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Residents of Wisconsin and readers of this fine magazine well know that the state offers countless natural delights – great state parks and forests, thousands of enchanting lakes (containing hundreds of thousands of elusive fish), scores of wild areas safeguarding rare plants and animals...yes, we could go on. Even your average citizen south of the border in the Land of Lincoln quakes before Wisconsin's utter magnificence.
Bombast aside, there are intriguing aspects of Wisconsin that remain somewhat hidden from view. Tucked away in small museums and galleries, the state's history, art and culture await your inquiring eye. Here are several places you might have missed in the Milwaukee area. Afterward, we'll tell you how to find more gems around the state.
Betty Brinn Children's Museum – Betty Brinn spent most of her childhood in foster homes and orphanages around Wisconsin. As a successful businesswoman, she helped underprivileged women and children in Milwaukee secure health care. Today, families learn and play together at the museum created in her honor in 1995. Six permanent exhibits and several travelling programs offer exciting, hands-on fun for kids 10 and under. Open year 'round. 929 E. Wisconsin Ave. (414) 390-5437. Visit: Betty Brinn Children's Museum
Thomas A. Green Memorial Museum – This place rocks: More than 75,000 fossils and nearly all the minerals known to humanity are housed here. Admission is free, but call ahead for viewing hours. University of Wisconsin-Milwaukee Dept. of Geology, 3209 N. Maryland Ave. (414) 229-6171.
Brooks Stevens Gallery of Industrial Design – Located in the Milwaukee Institute of Art and Design, this gallery highlights the thought, artistry and skill that go into creating the products we use every day. This is where you'll find out how your toothbrush and your lawn mower got those clean, sleek lines. Permanent exhibits feature the work of Stevens, the pioneering, innovative designer who influenced the style and function of vehicles, boats, appliances, toys, buildings and more. He also created the Oscar Mayer WienerMobile. 273 E. Erie. (414) 847-3350. Visit: Brook Stevens Design
Bradley Sculpture Gardens – Works by Barbara Hepworth, Henry Moore and more than 40 other noted sculptors grace the home of collectors Harry and Margaret Bradley. Please call one week in advance to make an appointment for a tour from mid-April through mid-October. 2145 W. Brown Deer Rd. (414) 276-6840.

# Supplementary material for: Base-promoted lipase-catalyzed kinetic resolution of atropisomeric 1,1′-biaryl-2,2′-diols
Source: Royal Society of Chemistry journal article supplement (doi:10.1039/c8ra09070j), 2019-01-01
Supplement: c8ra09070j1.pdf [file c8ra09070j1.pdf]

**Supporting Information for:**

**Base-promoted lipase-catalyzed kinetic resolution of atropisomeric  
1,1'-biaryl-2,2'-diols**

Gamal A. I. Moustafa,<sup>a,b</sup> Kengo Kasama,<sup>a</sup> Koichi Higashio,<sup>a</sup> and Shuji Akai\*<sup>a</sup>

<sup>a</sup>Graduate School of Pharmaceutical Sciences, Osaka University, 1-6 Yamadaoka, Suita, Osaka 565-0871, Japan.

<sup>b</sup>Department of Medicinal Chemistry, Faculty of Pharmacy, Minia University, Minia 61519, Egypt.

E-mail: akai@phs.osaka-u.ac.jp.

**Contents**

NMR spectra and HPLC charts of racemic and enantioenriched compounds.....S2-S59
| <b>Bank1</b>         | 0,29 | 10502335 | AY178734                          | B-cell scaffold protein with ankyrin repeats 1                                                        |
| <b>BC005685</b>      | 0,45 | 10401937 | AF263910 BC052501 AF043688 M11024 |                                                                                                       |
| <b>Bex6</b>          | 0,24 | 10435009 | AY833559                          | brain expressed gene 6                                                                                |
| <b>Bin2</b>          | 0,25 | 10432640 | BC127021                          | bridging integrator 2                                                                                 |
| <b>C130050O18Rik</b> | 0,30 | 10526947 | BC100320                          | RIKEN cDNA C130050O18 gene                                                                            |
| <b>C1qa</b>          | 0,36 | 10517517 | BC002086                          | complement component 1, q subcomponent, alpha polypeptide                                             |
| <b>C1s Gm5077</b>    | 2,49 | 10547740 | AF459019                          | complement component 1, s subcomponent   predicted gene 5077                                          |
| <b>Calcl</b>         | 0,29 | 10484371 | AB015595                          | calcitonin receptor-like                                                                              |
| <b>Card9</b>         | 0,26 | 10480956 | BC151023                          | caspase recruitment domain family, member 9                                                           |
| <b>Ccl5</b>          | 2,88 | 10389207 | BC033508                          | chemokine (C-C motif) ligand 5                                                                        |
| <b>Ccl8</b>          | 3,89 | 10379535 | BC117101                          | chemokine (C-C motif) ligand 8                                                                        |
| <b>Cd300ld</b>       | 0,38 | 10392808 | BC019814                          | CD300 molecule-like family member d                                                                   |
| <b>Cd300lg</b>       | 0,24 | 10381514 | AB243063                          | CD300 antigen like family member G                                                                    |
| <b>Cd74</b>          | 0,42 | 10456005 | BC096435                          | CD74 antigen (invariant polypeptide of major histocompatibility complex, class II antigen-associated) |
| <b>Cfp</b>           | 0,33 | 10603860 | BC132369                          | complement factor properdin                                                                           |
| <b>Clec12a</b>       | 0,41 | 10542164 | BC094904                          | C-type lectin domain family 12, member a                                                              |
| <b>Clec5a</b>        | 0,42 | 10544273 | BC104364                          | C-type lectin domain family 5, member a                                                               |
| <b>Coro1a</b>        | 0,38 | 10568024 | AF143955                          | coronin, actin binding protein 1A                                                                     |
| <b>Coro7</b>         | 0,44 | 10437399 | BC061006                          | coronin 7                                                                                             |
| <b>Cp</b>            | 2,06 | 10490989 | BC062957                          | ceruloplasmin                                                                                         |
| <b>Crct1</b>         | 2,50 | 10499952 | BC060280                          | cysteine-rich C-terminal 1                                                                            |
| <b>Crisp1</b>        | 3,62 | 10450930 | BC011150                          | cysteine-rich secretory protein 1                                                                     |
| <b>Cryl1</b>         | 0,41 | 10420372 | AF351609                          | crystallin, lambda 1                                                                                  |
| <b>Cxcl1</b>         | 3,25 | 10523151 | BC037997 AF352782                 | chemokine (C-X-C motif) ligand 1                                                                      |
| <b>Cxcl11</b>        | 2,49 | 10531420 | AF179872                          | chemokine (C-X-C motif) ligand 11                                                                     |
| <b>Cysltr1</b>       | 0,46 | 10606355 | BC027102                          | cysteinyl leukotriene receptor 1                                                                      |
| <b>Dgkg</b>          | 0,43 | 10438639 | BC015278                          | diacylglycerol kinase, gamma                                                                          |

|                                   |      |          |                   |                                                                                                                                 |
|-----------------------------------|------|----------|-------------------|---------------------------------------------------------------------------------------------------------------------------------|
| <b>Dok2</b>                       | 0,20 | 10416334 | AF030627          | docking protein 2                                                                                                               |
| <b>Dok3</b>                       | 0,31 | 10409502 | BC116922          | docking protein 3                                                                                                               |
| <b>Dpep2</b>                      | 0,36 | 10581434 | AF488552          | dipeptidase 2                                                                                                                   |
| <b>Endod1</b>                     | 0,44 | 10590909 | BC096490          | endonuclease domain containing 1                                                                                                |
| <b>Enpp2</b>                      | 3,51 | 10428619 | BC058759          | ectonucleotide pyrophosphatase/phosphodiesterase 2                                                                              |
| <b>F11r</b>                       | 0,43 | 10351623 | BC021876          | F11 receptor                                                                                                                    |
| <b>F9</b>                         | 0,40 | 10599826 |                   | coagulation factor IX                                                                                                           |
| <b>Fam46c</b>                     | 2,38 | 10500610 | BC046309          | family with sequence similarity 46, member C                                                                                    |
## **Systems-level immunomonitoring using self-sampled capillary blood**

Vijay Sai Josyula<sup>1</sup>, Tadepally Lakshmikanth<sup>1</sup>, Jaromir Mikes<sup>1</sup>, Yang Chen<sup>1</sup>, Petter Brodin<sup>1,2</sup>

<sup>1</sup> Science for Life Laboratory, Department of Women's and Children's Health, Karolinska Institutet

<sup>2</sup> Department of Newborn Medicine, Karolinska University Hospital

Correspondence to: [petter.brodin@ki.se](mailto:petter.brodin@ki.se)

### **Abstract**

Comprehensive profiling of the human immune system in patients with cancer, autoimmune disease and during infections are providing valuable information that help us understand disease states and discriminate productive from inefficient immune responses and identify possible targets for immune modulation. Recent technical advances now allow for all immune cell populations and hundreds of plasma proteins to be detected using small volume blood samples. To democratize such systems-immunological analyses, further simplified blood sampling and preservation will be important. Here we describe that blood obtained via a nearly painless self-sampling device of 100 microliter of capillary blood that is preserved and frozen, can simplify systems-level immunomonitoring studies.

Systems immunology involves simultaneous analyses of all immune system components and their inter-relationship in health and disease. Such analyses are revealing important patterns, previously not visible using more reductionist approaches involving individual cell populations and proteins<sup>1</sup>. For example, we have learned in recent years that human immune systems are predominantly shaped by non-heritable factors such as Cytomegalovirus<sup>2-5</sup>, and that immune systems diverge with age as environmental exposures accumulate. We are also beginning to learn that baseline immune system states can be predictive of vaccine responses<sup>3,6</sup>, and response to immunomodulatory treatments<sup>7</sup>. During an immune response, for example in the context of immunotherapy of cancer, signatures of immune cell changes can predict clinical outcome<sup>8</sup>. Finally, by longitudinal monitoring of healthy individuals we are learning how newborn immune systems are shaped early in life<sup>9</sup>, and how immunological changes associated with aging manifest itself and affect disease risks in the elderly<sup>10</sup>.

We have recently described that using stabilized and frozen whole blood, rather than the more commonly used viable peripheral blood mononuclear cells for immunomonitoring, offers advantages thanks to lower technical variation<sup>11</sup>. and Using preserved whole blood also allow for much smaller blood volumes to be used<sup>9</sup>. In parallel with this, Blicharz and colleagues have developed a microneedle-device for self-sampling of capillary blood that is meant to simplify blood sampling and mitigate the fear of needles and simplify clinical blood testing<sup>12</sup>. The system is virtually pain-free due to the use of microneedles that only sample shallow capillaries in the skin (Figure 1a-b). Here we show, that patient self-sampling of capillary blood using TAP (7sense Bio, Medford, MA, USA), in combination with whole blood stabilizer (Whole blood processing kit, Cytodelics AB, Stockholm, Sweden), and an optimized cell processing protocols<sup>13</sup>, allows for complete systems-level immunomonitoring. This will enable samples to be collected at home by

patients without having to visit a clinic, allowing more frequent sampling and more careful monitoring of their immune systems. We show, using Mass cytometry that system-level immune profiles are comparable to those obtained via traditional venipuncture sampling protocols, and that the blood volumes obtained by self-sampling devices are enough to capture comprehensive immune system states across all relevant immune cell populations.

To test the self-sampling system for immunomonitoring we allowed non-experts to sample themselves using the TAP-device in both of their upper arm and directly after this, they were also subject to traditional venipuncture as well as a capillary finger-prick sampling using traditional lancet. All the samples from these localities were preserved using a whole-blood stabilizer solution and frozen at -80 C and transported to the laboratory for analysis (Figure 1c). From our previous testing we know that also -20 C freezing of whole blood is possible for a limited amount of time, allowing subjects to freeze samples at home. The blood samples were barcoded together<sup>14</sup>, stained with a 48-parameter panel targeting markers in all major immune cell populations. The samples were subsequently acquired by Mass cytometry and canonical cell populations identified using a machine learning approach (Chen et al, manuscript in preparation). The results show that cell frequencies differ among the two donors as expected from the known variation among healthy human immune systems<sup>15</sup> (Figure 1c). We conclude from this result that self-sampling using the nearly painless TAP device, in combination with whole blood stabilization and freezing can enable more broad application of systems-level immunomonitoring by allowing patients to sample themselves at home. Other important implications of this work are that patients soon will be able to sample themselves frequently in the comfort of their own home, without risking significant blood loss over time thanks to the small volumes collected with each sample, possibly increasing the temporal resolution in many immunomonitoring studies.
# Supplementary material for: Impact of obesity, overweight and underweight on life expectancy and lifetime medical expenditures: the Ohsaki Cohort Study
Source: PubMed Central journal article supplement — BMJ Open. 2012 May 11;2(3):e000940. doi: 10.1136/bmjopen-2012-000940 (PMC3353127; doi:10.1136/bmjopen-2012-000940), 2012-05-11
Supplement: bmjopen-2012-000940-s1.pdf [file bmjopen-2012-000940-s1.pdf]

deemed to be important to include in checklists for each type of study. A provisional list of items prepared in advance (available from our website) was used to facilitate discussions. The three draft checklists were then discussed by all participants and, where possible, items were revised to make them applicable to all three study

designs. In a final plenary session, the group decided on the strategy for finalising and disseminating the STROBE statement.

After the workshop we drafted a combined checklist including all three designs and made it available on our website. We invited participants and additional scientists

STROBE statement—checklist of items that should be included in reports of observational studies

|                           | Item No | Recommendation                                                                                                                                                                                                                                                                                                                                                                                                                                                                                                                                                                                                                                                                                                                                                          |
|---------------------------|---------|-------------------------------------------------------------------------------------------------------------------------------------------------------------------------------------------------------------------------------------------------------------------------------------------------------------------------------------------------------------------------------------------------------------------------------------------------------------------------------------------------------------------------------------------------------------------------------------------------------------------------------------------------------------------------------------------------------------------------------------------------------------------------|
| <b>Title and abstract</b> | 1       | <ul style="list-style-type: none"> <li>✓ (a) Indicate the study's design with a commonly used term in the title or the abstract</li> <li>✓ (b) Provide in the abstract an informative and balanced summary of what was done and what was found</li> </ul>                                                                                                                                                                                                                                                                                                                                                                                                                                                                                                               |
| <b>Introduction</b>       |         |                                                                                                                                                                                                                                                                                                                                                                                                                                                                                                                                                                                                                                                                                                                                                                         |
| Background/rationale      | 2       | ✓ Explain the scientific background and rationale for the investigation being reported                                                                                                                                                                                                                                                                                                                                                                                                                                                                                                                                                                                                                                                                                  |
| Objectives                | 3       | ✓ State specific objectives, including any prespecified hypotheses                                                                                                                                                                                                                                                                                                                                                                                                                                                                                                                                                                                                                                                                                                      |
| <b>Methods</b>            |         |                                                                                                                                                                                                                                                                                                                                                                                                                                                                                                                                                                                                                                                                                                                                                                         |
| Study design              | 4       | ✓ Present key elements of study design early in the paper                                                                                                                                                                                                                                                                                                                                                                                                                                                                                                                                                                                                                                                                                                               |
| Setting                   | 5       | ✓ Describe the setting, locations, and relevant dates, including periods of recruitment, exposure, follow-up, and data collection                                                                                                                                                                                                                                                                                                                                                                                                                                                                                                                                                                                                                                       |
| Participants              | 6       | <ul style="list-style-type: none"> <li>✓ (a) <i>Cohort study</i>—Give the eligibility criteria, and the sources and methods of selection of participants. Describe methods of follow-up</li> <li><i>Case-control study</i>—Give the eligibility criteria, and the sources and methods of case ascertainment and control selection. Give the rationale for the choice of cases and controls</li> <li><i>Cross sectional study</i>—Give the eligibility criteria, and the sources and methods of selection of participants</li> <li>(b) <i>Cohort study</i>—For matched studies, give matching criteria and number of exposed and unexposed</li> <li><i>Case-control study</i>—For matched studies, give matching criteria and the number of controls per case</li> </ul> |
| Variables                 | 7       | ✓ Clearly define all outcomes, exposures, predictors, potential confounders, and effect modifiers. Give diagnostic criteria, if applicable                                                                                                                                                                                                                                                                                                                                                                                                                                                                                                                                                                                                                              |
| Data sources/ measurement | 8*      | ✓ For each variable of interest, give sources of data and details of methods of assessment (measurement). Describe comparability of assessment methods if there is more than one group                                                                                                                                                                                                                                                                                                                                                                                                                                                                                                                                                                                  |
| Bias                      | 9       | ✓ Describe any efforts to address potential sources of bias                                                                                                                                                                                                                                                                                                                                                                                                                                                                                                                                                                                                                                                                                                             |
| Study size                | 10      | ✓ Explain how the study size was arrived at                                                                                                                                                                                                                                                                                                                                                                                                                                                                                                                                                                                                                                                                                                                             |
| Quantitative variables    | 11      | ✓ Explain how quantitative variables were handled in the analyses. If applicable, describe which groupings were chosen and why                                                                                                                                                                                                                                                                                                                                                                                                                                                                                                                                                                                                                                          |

Harley-Davidson Engine Plant – Here's your chance to find out what really goes on inside a Hog. Free hour-long tours will captivate even those who don't know a socket wrench from a screwdriver. Call for a tour time. 11700 W. Capitol Dr. (414) 535-3666.
The Anthony Petullo Collection of Self-Taught and Outsider Art – More than 450 works from the 1890s to the present by artists with no professional training or by artists living outside mainstream society are on display. As Petullo says: "Some works are childlike and others so sophisticated it is difficult to distinguish the work from that of a trained artist. Some are so inventive and unique that famous trained artists have been inspired by the art or even adopted a similar style." Call for an appointment. 219 N. Milwaukee St., 3rd floor. (414) 272-2525
Museum of Beer and Brewing – The MBB has had a somewhat frothy existence, relying on traveling exhibits to display a growing collection of breweriana while it sought permanent digs. Students of suds can now rejoice: The museum dedicated to Wisconsin's favorite beverage has found an interim home at the Milwaukee Brewing Company, 613 S. 2nd St. in Walkers Point. For progress updates and exhibit schedules, visit: Museum of Beer & Brewing
For the most "complete guide to all Wisconsin has to offer," pick up a copy of Anton Rajer's Museums, Zoos & Botanical Gardens of Wisconsin: A Comprehensive Guidebook to Cultural, Artistic, Historic and Natural History Collections in the Badger State (2006, Fine Arts Publishing/University of Wisconsin Press). Rajer, a former Wisconsin State Capitol conservator, includes listings for the smallest local historical societies and collections to the largest and most famous of the state's museums in this 304-page paperback. See our review in the December 2006 issue.